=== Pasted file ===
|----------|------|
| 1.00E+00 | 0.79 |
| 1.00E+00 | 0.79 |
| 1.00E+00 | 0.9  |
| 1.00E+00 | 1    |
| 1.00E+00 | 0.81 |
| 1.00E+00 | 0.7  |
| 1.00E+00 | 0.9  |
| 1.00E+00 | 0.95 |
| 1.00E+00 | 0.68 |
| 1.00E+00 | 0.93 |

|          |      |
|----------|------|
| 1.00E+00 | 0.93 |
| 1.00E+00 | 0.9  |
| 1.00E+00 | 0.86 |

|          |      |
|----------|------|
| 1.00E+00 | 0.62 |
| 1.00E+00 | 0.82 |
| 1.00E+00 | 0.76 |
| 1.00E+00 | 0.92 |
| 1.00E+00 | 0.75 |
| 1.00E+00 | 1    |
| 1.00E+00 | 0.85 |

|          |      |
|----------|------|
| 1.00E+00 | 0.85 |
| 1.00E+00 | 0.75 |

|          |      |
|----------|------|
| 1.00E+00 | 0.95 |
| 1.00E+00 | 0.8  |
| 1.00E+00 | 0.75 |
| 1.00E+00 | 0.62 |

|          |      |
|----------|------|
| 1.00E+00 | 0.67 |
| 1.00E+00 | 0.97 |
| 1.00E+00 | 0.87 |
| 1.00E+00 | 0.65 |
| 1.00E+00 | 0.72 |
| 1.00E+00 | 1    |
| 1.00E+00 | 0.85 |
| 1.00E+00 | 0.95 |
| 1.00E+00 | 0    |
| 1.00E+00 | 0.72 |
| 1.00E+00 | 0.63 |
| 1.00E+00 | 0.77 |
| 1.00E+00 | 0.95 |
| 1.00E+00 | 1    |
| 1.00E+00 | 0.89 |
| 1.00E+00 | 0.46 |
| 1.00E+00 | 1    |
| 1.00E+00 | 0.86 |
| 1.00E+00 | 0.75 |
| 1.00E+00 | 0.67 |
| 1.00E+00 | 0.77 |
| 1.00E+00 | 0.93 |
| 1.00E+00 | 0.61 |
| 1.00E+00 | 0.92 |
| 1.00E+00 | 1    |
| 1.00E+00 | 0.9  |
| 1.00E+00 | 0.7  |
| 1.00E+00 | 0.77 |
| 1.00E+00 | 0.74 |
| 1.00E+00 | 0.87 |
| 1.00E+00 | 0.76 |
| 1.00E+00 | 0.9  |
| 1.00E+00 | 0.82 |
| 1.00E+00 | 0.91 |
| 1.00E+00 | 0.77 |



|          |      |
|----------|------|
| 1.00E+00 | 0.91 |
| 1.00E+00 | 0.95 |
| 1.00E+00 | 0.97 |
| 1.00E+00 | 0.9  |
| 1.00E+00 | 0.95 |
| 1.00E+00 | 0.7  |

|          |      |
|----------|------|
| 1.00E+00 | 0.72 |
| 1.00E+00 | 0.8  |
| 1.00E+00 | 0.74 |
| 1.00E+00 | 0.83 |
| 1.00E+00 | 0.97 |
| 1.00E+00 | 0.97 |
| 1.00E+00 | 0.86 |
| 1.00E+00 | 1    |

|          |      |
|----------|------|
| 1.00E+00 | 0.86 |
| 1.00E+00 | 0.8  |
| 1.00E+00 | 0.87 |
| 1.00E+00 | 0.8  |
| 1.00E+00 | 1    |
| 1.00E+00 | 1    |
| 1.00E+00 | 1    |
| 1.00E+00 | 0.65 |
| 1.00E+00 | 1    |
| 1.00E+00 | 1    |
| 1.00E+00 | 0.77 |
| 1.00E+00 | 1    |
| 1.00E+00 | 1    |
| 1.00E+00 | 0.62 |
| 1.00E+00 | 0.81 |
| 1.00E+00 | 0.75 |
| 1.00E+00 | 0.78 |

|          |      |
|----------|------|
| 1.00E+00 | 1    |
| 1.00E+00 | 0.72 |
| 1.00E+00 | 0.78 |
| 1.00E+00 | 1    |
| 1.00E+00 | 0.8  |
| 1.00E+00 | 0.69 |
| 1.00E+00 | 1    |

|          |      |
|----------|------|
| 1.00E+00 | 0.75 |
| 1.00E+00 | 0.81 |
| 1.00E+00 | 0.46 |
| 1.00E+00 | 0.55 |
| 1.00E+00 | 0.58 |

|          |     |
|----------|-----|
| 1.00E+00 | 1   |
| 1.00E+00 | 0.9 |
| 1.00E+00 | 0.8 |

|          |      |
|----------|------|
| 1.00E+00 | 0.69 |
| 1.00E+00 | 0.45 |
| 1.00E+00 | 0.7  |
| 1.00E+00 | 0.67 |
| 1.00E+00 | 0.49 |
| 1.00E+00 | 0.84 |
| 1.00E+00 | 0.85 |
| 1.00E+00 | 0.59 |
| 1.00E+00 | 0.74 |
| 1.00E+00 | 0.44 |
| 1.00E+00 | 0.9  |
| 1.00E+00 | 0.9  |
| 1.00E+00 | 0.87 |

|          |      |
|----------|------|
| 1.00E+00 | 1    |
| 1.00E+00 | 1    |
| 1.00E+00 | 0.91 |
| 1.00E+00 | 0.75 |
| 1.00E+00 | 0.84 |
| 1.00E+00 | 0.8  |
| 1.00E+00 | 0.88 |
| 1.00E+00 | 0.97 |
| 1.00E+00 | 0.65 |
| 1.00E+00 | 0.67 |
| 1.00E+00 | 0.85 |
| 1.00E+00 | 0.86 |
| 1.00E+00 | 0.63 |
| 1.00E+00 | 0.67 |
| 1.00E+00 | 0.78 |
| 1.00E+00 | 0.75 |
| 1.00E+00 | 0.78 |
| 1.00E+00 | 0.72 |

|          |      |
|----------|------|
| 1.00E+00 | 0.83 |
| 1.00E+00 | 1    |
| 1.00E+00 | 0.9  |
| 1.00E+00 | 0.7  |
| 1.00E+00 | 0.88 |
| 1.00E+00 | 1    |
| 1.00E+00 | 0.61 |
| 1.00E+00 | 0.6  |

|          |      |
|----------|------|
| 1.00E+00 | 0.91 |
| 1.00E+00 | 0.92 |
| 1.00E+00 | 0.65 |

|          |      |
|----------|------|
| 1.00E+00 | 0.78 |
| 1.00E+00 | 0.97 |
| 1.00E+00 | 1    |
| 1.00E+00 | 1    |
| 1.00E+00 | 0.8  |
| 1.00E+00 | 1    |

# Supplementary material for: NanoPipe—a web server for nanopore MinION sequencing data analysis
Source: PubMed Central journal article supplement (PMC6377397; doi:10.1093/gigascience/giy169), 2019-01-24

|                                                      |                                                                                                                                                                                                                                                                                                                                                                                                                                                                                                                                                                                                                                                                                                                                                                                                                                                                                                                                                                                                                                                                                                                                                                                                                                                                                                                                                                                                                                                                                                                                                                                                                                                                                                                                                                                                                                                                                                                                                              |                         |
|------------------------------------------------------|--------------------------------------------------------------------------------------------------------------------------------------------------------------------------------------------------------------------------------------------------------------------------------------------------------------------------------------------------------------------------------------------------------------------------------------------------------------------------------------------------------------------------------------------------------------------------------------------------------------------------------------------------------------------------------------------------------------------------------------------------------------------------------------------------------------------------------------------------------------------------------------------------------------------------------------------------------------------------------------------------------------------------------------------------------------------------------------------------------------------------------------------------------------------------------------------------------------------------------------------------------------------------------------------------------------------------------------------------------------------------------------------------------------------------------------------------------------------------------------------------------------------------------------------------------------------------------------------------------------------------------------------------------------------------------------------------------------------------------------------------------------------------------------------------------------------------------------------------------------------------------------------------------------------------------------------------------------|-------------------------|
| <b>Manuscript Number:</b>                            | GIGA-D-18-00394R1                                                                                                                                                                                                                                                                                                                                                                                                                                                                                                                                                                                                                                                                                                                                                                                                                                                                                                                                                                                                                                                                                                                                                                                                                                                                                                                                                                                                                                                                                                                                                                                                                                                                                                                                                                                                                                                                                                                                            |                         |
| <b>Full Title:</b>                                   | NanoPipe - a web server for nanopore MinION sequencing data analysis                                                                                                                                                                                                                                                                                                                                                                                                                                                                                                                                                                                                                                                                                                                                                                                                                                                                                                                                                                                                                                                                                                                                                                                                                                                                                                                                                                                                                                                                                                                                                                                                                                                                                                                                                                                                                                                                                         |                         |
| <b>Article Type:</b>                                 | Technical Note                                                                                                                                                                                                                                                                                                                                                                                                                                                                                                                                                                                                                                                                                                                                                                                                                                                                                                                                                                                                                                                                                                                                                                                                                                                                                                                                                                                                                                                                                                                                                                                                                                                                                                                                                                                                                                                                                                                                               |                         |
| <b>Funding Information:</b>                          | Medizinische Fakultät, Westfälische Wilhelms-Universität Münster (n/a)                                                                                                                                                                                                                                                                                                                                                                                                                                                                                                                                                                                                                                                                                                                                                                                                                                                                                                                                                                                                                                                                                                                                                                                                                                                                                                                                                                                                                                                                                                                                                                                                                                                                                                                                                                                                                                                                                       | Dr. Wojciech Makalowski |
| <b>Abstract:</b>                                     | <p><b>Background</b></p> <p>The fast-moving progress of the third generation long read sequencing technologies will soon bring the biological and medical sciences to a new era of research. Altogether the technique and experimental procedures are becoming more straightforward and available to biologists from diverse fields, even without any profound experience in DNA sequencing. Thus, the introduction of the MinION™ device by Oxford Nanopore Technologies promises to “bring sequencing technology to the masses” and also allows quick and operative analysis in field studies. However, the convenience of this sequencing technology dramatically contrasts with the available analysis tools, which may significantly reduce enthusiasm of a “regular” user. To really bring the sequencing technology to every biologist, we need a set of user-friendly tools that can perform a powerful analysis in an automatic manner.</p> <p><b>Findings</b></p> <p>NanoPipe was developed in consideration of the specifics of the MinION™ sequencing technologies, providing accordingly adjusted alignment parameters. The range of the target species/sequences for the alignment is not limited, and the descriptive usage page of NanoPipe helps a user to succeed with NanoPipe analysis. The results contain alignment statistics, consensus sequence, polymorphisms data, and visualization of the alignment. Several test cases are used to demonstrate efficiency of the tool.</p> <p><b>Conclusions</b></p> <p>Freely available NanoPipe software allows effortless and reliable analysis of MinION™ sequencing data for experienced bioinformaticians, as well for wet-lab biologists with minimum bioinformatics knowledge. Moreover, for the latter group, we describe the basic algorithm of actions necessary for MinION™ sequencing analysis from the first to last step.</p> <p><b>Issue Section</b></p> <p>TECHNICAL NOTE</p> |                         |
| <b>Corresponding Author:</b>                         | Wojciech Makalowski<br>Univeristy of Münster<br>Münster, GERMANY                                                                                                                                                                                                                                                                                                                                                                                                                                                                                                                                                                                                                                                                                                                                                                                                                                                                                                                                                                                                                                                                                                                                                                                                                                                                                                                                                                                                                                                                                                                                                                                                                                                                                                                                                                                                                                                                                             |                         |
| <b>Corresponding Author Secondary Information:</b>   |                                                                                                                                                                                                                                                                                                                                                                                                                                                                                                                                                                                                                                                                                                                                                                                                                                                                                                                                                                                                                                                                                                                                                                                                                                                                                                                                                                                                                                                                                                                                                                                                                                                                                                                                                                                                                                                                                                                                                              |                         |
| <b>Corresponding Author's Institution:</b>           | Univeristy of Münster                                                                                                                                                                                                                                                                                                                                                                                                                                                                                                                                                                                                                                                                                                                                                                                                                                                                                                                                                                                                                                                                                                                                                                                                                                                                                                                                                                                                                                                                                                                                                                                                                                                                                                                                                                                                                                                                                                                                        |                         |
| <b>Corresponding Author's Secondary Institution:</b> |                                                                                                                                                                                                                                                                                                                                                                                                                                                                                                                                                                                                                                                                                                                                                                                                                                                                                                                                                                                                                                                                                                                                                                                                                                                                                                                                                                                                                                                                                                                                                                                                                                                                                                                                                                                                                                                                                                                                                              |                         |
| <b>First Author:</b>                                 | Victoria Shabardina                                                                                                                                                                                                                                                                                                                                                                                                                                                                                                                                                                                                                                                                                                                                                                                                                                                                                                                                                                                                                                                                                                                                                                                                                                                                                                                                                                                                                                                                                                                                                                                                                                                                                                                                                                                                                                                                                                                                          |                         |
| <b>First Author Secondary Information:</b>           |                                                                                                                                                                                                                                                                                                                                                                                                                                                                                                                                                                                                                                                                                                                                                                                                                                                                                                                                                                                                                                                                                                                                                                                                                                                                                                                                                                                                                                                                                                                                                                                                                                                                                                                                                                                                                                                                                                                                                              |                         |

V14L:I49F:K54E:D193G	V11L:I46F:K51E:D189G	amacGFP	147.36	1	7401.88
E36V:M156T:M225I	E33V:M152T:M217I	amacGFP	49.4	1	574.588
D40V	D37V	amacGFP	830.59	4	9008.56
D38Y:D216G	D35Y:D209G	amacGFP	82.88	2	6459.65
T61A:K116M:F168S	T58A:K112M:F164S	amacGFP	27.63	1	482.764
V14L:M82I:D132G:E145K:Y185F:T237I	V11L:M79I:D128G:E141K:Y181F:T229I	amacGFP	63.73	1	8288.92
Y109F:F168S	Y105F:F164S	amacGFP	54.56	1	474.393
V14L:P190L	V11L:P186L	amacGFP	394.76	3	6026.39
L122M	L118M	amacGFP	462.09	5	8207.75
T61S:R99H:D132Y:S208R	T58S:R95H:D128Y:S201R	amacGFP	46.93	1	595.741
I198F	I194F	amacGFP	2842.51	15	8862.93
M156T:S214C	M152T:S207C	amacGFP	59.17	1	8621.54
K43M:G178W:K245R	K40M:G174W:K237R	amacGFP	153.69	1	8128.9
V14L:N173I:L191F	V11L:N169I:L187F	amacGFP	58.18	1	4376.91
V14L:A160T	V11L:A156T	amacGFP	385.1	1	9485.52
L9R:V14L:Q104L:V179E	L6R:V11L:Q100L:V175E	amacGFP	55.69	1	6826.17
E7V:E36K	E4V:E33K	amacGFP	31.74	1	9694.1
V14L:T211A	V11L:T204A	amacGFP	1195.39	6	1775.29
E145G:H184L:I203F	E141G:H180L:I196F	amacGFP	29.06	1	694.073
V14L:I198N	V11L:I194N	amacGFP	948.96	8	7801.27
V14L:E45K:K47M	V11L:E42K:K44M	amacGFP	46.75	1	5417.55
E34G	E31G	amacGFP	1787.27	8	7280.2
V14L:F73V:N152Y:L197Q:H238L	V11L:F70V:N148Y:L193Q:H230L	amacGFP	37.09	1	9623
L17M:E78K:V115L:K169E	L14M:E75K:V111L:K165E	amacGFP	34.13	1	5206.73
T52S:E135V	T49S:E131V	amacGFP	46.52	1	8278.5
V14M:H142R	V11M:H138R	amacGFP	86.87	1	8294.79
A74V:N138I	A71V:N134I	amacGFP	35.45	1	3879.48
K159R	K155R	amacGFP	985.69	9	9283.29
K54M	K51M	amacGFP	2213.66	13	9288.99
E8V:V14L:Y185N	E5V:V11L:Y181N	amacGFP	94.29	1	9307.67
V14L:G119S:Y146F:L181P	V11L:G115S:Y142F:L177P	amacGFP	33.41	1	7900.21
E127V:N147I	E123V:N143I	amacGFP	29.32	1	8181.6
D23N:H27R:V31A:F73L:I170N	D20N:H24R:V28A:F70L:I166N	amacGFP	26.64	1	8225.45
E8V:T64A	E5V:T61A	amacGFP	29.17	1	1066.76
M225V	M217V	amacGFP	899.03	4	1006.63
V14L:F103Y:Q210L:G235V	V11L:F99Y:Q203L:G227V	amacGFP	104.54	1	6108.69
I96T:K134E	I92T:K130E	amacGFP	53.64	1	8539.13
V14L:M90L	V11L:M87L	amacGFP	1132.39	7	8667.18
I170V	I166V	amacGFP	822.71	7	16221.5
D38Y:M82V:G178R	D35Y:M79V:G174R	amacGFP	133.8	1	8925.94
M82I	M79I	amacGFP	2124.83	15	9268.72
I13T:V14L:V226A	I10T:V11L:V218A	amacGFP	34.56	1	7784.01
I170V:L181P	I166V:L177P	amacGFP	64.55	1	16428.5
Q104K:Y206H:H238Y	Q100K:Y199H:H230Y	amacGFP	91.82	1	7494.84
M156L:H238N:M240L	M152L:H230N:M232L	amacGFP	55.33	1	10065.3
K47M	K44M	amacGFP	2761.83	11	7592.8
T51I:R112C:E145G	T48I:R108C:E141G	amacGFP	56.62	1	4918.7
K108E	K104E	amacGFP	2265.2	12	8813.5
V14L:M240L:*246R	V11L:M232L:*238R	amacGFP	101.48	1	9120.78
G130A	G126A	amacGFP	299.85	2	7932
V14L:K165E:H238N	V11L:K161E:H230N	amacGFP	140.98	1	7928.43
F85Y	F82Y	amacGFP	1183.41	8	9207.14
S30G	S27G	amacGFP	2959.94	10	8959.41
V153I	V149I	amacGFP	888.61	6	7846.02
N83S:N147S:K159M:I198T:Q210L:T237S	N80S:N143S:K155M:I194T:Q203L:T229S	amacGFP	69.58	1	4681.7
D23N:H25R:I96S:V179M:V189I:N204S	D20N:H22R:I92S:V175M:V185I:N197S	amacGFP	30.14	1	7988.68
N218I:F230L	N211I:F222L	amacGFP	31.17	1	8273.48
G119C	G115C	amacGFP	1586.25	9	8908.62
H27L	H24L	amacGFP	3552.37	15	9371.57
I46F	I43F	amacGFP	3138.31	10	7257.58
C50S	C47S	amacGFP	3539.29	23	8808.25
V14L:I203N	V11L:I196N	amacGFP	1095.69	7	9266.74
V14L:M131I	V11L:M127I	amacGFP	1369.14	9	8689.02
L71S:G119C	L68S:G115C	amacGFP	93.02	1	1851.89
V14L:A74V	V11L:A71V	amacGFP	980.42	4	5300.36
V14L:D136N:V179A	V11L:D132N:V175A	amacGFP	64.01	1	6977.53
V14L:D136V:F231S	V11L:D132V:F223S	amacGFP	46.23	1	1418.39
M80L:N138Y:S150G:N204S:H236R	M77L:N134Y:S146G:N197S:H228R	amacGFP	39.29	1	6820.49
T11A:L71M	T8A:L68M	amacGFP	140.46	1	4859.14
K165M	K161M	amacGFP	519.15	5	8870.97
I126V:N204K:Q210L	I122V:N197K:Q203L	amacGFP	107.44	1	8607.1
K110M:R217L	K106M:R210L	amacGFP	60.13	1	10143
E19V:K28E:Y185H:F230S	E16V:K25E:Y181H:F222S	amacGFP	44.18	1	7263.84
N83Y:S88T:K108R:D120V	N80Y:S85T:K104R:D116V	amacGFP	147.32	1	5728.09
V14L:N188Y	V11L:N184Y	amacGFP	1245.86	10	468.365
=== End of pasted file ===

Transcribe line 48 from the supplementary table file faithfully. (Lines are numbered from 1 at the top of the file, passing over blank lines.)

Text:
| 1.00E+00 | 0.63 |